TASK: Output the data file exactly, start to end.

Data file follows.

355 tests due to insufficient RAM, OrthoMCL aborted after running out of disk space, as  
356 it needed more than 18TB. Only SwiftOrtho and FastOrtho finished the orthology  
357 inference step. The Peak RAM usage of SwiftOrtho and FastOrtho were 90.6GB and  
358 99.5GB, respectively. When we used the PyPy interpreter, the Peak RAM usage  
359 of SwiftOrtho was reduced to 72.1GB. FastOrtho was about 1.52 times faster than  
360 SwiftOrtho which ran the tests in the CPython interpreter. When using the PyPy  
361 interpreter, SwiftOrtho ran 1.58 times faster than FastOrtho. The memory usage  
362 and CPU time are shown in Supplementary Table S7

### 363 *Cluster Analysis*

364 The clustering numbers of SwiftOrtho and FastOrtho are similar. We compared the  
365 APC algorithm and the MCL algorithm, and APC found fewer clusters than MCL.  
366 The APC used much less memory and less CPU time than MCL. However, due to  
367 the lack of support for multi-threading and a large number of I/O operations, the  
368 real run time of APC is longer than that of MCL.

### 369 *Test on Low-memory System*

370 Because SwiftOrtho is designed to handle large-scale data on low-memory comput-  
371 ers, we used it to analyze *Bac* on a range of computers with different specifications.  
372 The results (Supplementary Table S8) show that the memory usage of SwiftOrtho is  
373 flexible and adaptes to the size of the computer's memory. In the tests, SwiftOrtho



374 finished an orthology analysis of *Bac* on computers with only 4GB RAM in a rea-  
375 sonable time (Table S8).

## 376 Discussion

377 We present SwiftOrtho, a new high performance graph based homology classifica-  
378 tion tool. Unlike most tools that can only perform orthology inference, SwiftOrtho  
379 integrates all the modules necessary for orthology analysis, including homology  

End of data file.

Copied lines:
355 tests due to insufficient RAM, OrthoMCL aborted after running out of disk space, as  
356 it needed more than 18TB. Only SwiftOrtho and FastOrtho finished the orthology  
357 inference step. The Peak RAM usage of SwiftOrtho and FastOrtho were 90.6GB and  
358 99.5GB, respectively. When we used the PyPy interpreter, the Peak RAM usage  
359 of SwiftOrtho was reduced to 72.1GB. FastOrtho was about 1.52 times faster than  
360 SwiftOrtho which ran the tests in the CPython interpreter. When using the PyPy  
361 interpreter, SwiftOrtho ran 1.58 times faster than FastOrtho. The memory usage  
362 and CPU time are shown in Supplementary Table S7

### 363 *Cluster Analysis*

364 The clustering numbers of SwiftOrtho and FastOrtho are similar. We compared the  
365 APC algorithm and the MCL algorithm, and APC found fewer clusters than MCL.  
366 The APC used much less memory and less CPU time than MCL. However, due to  
367 the lack of support for multi-threading and a large number of I/O operations, the  
368 real run time of APC is longer than that of MCL.

### 369 *Test on Low-memory System*

370 Because SwiftOrtho is designed to handle large-scale data on low-memory comput-  
371 ers, we used it to analyze *Bac* on a range of computers with different specifications.  
372 The results (Supplementary Table S8) show that the memory usage of SwiftOrtho is  
373 flexible and adaptes to the size of the computer's memory. In the tests, SwiftOrtho



374 finished an orthology analysis of *Bac* on computers with only 4GB RAM in a rea-  
375 sonable time (Table S8).

## 376 Discussion

377 We present SwiftOrtho, a new high performance graph based homology classifica-  
378 tion tool. Unlike most tools that can only perform orthology inference, SwiftOrtho  
379 integrates all the modules necessary for orthology analysis, including homology  